Two stories about what government chooses to see – or not. Since Michael Brown’s death in Ferguson, Missouri in 2014, body cameras have been hailed as an effective means to document police behavior. Nearly half of law enforcement agencies in the U.S. have established body camera programs, including Chicago, which had equipped almost all its officers with one by 2017. But, this article reports, tens of thousands of everyday encounters in the Windy City were never recorded, leaving communities in the dark, and there’s little evidence to show officers were disciplined for failing to record their interactions. Despite layers of oversight to ensure the program works, internal records reveal critical breakdowns in accountability, undermining CPD’s promises that the technology would improve policing and public trust. In a separate article, Vice reports that the U.S. military is buying the granular movement data of people around the world, harvested from innocuous-seeming apps. These include a Muslim prayer and Quran app that has more than 98 million downloads worldwide, a Muslim dating app, a popular Craigslist app, an app for following storms, and a "level" app that can be used to help, for example, install shelves in a bedroom. 

Scams, Soaring Prices as Californians Move Out
Guardian
So many Californians are fleeing the Golden State that moving-company scams are a fast-growing grift. “There are hold-hostage cases where a mover will take possession of the belongings after agreeing to a price with the consumer, and then they will not give the belongings back unless the consumer pays well over and above what the agreed-to price was,” says Yeaphana La Marr, the acting chief of the California bureau of household goods and services, which regulates the moving industry. “Some just take the belongings and they are never seen again by the people who contracted for a move.” The agency is trying to crack down on them, as well as new movers who are entering the booming market without licensing or insurance required by the state.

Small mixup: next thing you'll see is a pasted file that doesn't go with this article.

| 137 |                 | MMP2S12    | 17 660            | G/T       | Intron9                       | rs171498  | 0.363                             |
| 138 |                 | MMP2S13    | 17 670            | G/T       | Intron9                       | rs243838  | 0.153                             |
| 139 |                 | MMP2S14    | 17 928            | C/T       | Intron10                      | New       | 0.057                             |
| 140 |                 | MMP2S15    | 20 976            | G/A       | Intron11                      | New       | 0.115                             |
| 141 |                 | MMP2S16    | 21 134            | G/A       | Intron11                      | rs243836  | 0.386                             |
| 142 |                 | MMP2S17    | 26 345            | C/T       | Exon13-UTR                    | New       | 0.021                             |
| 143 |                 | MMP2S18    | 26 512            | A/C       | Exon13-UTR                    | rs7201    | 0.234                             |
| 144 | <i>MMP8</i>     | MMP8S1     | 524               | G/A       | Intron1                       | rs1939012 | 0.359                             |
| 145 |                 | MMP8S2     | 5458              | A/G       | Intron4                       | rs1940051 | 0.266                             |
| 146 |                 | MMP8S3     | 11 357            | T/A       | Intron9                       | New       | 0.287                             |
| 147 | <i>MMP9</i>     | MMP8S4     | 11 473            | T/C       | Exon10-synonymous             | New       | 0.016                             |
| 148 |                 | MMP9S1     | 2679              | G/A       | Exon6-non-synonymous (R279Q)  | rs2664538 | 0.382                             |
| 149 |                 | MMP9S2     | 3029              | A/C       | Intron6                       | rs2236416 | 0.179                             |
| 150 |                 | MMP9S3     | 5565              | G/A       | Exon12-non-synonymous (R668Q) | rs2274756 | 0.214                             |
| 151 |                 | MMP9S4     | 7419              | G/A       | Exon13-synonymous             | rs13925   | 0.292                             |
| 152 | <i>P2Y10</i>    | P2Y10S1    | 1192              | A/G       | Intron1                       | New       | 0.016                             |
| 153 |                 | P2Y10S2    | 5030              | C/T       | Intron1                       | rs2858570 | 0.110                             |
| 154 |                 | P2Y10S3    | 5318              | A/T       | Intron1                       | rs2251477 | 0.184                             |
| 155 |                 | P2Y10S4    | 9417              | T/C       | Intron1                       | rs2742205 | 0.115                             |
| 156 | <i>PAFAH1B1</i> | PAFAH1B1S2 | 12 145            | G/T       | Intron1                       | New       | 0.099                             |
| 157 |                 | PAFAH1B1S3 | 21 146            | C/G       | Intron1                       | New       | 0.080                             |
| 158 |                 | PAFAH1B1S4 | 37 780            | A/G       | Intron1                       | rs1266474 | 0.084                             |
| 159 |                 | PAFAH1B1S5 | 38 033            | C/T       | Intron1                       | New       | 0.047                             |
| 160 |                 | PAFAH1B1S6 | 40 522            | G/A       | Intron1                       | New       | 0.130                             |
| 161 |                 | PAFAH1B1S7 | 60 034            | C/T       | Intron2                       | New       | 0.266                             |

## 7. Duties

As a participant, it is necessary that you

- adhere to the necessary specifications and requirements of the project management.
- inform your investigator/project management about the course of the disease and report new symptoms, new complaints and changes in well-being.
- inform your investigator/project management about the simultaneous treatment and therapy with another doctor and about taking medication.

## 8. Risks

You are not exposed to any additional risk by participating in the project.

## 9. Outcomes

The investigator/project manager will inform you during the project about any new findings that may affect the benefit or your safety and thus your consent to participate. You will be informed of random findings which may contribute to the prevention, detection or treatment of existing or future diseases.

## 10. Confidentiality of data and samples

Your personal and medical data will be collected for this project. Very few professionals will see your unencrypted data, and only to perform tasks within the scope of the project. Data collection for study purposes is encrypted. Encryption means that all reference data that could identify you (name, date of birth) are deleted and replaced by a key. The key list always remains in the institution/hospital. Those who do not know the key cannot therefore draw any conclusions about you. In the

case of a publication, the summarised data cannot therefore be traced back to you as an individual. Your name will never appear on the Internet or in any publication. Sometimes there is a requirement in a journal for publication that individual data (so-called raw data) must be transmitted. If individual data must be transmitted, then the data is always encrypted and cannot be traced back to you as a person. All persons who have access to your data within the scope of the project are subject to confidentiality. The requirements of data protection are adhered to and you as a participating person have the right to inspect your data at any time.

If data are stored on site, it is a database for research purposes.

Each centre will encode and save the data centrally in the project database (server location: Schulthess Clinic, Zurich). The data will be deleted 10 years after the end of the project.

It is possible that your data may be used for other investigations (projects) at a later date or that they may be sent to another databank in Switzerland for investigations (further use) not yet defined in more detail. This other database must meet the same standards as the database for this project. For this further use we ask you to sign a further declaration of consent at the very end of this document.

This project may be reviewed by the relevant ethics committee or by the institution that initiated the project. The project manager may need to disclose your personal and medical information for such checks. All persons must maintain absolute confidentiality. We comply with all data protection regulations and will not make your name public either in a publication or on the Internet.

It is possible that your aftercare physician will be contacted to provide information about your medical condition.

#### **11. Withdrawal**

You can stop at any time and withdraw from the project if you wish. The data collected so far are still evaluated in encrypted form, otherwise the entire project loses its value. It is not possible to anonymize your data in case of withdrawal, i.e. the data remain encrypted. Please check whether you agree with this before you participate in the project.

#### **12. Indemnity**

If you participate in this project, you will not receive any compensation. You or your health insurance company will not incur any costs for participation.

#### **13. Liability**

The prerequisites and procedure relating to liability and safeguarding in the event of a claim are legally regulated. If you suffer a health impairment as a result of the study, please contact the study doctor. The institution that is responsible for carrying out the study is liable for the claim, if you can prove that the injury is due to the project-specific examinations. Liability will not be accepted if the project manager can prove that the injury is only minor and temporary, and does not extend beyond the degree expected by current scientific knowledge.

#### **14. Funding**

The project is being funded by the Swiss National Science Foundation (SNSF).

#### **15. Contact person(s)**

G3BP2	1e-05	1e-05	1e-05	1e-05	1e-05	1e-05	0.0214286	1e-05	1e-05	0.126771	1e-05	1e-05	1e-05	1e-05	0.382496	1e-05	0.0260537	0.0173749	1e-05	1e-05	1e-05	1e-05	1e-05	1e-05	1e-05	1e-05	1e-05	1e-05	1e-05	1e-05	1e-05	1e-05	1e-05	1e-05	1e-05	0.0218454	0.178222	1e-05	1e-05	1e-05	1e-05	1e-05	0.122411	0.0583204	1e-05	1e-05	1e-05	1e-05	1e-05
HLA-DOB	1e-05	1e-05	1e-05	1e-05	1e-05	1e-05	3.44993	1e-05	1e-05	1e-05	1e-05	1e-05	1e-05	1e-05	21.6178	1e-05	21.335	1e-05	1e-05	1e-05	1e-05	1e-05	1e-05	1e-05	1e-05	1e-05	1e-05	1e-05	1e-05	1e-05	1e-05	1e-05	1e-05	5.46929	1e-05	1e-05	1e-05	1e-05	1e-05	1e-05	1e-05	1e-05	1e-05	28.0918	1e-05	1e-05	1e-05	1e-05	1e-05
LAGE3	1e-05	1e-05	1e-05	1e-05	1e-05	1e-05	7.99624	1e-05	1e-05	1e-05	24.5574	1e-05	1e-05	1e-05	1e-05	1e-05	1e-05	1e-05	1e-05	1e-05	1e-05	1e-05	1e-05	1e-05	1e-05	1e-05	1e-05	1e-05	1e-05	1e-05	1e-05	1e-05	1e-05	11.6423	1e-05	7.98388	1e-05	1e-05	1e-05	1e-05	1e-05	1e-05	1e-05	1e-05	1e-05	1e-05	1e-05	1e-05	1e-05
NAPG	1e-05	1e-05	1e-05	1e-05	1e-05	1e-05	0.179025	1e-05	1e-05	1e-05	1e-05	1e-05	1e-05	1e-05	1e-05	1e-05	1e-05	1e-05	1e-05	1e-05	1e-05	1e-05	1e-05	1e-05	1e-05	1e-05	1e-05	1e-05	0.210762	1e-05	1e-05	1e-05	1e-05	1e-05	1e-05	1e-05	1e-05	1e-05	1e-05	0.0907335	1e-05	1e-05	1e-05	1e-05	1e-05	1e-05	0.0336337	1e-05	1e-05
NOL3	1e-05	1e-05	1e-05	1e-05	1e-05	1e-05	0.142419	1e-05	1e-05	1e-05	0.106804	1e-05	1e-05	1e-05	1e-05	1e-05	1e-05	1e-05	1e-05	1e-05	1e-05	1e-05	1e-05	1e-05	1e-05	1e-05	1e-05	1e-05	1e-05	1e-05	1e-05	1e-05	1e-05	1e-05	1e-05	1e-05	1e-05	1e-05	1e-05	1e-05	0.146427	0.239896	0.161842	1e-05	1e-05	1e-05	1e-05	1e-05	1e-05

Immigrant Teens Work Perilous Night Shifts
ProPublica Illinois, Mother Jones and El País
This article draws attention to the “the tens of thousands of young people who have come to this country over the past few years, some as unaccompanied minors, others alongside a parent,” who attend school during the day and work jobs at night “to pay debts to smugglers and sponsors, to contribute to rent and bills, to buy groceries and sneakers, and to send money home to the parents and siblings they left behind.” Around Urbana-Champaign, the home of the University of Illinois, school district officials say children and adolescents lay shingles, wash dishes and paint off-campus university apartments. In New Bedford, Massachusetts, an indigenous Guatemalan labor leader has heard complaints from adult workers in the fish-packing industry who say they’re losing their jobs to 14-year-olds. In Ohio, teenagers work in dangerous chicken plants. The teenagers use fake IDs to get the jobs through temporary staffing agencies that recruit immigrants and, knowingly or not, accept the papers they are handed. 

The Last Children of Down Syndrome
The Atlantic